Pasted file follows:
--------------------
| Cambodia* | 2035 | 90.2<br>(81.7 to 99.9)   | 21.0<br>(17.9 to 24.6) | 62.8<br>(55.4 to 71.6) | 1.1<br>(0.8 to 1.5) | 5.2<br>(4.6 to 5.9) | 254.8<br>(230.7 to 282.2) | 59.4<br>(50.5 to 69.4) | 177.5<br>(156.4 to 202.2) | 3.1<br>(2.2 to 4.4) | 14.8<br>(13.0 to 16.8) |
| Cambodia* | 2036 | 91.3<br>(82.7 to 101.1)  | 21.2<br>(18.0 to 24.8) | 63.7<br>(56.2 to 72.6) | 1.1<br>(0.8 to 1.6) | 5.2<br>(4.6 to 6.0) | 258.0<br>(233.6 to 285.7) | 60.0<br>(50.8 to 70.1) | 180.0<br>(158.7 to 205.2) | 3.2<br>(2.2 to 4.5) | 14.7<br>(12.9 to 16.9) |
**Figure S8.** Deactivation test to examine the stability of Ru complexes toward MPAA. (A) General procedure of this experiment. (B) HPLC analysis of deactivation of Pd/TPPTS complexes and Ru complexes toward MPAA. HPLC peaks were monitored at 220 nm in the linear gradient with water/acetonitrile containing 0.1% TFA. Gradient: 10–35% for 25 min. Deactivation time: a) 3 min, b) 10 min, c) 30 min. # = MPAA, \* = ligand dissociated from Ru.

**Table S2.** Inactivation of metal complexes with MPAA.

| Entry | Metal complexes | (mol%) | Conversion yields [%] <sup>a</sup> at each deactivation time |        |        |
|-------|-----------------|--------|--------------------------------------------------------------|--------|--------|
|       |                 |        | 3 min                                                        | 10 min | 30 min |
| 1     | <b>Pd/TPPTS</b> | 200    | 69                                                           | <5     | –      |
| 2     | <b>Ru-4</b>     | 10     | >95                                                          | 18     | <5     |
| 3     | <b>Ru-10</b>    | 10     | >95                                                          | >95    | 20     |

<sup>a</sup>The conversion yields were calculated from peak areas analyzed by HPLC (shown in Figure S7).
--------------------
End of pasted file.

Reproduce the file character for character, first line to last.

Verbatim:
| Cambodia* | 2035 | 90.2<br>(81.7 to 99.9)   | 21.0<br>(17.9 to 24.6) | 62.8<br>(55.4 to 71.6) | 1.1<br>(0.8 to 1.5) | 5.2<br>(4.6 to 5.9) | 254.8<br>(230.7 to 282.2) | 59.4<br>(50.5 to 69.4) | 177.5<br>(156.4 to 202.2) | 3.1<br>(2.2 to 4.4) | 14.8<br>(13.0 to 16.8) |
| Cambodia* | 2036 | 91.3<br>(82.7 to 101.1)  | 21.2<br>(18.0 to 24.8) | 63.7<br>(56.2 to 72.6) | 1.1<br>(0.8 to 1.6) | 5.2<br>(4.6 to 6.0) | 258.0<br>(233.6 to 285.7) | 60.0<br>(50.8 to 70.1) | 180.0<br>(158.7 to 205.2) | 3.2<br>(2.2 to 4.5) | 14.7<br>(12.9 to 16.9) |
**Figure S8.** Deactivation test to examine the stability of Ru complexes toward MPAA. (A) General procedure of this experiment. (B) HPLC analysis of deactivation of Pd/TPPTS complexes and Ru complexes toward MPAA. HPLC peaks were monitored at 220 nm in the linear gradient with water/acetonitrile containing 0.1% TFA. Gradient: 10–35% for 25 min. Deactivation time: a) 3 min, b) 10 min, c) 30 min. # = MPAA, \* = ligand dissociated from Ru.

**Table S2.** Inactivation of metal complexes with MPAA.

| Entry | Metal complexes | (mol%) | Conversion yields [%] <sup>a</sup> at each deactivation time |        |        |
|-------|-----------------|--------|--------------------------------------------------------------|--------|--------|
|       |                 |        | 3 min                                                        | 10 min | 30 min |
| 1     | <b>Pd/TPPTS</b> | 200    | 69                                                           | <5     | –      |
| 2     | <b>Ru-4</b>     | 10     | >95                                                          | 18     | <5     |
| 3     | <b>Ru-10</b>    | 10     | >95                                                          | >95    | 20     |

<sup>a</sup>The conversion yields were calculated from peak areas analyzed by HPLC (shown in Figure S7).